Like

  41. lms, are you allowed to just take everything of the tenant’s to a dump rather than bother with a sale?

    Like

  42. Which is to say, I think, that he would prove a tonic for Obama and a poison for Romney.

    Darn it.

    Like

  43. okie, only if it’s valued under $300. We’re estimating even at a garage sale, we’d probably get a couple of thousand and we’re not allowed to sell it in that case or keep the profits. It has to be advertised and sold at a public auction. Best case, she comes and gets the valuables and we trash the rest. We’re going to call her today and try to strike a deal.

    Like

  44. lms:

    Sounds like a nightmare. Or an episode on Discovery Channel.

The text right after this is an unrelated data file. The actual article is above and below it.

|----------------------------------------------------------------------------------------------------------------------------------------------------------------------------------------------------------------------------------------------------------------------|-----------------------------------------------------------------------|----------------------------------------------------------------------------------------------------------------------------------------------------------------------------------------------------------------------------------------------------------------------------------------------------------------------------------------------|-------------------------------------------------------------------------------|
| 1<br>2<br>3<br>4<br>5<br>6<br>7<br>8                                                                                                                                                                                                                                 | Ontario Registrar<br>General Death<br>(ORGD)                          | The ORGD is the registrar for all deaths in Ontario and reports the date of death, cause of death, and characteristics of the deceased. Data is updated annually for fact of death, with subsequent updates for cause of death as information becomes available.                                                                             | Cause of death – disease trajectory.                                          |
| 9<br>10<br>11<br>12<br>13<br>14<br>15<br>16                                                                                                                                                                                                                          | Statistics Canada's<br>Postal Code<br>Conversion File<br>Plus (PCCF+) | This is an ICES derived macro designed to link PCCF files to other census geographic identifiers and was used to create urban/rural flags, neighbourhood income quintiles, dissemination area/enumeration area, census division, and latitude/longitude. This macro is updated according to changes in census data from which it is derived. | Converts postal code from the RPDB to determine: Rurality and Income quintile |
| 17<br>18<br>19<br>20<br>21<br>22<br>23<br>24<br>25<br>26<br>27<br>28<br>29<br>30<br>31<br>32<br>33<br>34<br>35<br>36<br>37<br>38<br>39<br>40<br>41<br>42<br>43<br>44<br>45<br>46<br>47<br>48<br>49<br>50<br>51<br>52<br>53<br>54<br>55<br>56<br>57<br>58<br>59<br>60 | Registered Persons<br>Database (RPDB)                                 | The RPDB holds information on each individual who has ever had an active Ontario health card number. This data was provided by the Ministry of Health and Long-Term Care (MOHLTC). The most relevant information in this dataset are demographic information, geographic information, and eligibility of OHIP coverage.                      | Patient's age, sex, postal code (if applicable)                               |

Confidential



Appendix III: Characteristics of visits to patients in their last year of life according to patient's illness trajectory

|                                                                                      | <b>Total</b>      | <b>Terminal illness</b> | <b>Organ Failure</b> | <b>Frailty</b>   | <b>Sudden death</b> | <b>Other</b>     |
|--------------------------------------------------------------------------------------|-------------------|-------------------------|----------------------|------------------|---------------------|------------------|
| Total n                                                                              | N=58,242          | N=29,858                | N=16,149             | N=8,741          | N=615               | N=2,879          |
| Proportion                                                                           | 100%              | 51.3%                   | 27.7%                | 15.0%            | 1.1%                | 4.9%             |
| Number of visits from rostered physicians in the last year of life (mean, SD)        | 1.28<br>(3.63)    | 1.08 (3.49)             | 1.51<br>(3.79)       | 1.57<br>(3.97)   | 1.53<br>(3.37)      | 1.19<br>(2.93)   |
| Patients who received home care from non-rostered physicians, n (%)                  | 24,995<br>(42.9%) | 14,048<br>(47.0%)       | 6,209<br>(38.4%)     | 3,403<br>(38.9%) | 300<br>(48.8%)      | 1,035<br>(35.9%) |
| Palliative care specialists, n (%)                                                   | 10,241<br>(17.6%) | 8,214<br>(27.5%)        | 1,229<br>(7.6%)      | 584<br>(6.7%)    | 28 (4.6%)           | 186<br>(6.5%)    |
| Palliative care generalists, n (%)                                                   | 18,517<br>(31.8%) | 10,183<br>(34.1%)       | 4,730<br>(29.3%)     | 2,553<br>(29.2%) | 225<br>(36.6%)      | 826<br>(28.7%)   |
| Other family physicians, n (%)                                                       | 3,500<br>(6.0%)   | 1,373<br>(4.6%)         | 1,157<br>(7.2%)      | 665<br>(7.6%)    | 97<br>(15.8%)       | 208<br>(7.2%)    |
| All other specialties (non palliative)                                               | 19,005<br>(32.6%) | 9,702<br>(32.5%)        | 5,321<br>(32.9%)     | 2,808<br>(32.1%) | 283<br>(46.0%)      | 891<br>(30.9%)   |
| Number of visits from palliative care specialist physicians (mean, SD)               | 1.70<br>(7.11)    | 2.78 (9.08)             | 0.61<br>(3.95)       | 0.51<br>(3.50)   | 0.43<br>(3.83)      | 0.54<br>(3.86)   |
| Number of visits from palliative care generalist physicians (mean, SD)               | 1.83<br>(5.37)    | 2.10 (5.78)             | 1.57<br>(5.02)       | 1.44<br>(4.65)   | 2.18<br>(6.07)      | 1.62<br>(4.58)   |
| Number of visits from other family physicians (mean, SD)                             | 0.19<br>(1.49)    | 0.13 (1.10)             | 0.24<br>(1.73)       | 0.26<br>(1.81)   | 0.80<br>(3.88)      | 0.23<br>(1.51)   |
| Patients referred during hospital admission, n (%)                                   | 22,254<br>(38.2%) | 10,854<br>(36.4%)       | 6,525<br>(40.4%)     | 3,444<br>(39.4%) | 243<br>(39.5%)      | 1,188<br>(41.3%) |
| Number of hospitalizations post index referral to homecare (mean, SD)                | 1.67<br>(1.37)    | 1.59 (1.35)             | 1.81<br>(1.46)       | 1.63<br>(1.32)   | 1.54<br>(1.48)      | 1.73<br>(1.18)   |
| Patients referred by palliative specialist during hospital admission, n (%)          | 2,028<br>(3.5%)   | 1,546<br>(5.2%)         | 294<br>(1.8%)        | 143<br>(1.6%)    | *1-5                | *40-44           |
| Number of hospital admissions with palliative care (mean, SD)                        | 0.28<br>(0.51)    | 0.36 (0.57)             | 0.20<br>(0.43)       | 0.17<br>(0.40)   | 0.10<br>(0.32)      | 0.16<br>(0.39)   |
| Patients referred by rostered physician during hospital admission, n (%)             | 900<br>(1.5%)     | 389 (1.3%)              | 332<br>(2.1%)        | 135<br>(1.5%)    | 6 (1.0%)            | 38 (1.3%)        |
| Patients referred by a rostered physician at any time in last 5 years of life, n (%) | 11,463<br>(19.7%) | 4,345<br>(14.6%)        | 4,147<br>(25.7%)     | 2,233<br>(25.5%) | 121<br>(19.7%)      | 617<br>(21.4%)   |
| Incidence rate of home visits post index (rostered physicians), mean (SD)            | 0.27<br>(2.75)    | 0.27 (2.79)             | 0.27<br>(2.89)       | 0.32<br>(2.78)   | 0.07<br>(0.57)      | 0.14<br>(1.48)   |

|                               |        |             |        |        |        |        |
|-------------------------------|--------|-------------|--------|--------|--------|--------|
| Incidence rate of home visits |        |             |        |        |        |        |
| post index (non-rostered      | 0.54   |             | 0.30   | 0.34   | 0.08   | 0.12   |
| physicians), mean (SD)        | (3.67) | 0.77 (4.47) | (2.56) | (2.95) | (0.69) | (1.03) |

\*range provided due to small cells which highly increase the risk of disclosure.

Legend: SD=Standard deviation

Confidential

I think you might want to get your deal with your former tenant in writing, just in case.

    Like

    • I think you might want to get your deal with your former tenant in writing

      Yep.

      BTW, I hate CA’s “protections” of tenants.

      Like

  45. We have everything in writing plus notes on all conversations etc.

    BTW, I hate CA’s “protections” of tenants.

    Yeah, me too. Honestly, we’ve pretty much been screwed by the entire system from start to finish, including the lawyers, the city and the sheriff’s department, not to mention the legal benefits of being a tenant. We had a pretty decent offer on the house in 2008, I’m beginning to wish we’d taken it.

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  46. jnc/mark:

    Political ideology looks to have become a more studied aspect of psychology recently. There are a bunch of studies listed in PubMed (ncbi.nlm.nih.gov). Perhaps this article is open access by now, as a starting point. It looks like the most prolific authors are “JR Hibbing” and “JT Jost.”

    If you decide to look and find an article you want, let me know by e-mail and I’ll send it to you.

    Like